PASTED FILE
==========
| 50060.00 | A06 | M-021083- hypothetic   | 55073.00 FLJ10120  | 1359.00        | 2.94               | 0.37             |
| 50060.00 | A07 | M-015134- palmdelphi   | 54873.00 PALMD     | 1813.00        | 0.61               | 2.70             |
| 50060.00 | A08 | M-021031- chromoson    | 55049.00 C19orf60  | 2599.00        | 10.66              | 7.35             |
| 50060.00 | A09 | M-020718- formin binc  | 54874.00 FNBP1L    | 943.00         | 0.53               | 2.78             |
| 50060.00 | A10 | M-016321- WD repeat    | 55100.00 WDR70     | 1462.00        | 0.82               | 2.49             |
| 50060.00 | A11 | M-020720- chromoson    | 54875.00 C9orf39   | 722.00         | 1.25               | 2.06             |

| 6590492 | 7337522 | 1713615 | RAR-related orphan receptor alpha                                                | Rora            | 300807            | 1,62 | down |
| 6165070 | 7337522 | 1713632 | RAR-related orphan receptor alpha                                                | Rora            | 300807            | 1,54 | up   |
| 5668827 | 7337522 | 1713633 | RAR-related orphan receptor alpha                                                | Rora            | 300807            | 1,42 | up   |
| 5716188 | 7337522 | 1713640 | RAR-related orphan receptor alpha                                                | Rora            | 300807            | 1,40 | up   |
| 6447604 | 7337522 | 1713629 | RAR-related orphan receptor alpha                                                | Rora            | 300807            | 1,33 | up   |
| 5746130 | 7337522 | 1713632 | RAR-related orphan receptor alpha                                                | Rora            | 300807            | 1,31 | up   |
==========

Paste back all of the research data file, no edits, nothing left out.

| 50060.00 | A06 | M-021083- hypothetic   | 55073.00 FLJ10120  | 1359.00        | 2.94               | 0.37             |
| 50060.00 | A07 | M-015134- palmdelphi   | 54873.00 PALMD     | 1813.00        | 0.61               | 2.70             |
| 50060.00 | A08 | M-021031- chromoson    | 55049.00 C19orf60  | 2599.00        | 10.66              | 7.35             |
| 50060.00 | A09 | M-020718- formin binc  | 54874.00 FNBP1L    | 943.00         | 0.53               | 2.78             |
| 50060.00 | A10 | M-016321- WD repeat    | 55100.00 WDR70     | 1462.00        | 0.82               | 2.49             |
| 50060.00 | A11 | M-020720- chromoson    | 54875.00 C9orf39   | 722.00         | 1.25               | 2.06             |

| 6590492 | 7337522 | 1713615 | RAR-related orphan receptor alpha                                                | Rora            | 300807            | 1,62 | down |
| 6165070 | 7337522 | 1713632 | RAR-related orphan receptor alpha                                                | Rora            | 300807            | 1,54 | up   |
| 5668827 | 7337522 | 1713633 | RAR-related orphan receptor alpha                                                | Rora            | 300807            | 1,42 | up   |
| 5716188 | 7337522 | 1713640 | RAR-related orphan receptor alpha                                                | Rora            | 300807            | 1,40 | up   |
| 6447604 | 7337522 | 1713629 | RAR-related orphan receptor alpha                                                | Rora            | 300807            | 1,33 | up   |
| 5746130 | 7337522 | 1713632 | RAR-related orphan receptor alpha                                                | Rora            | 300807            | 1,31 | up   |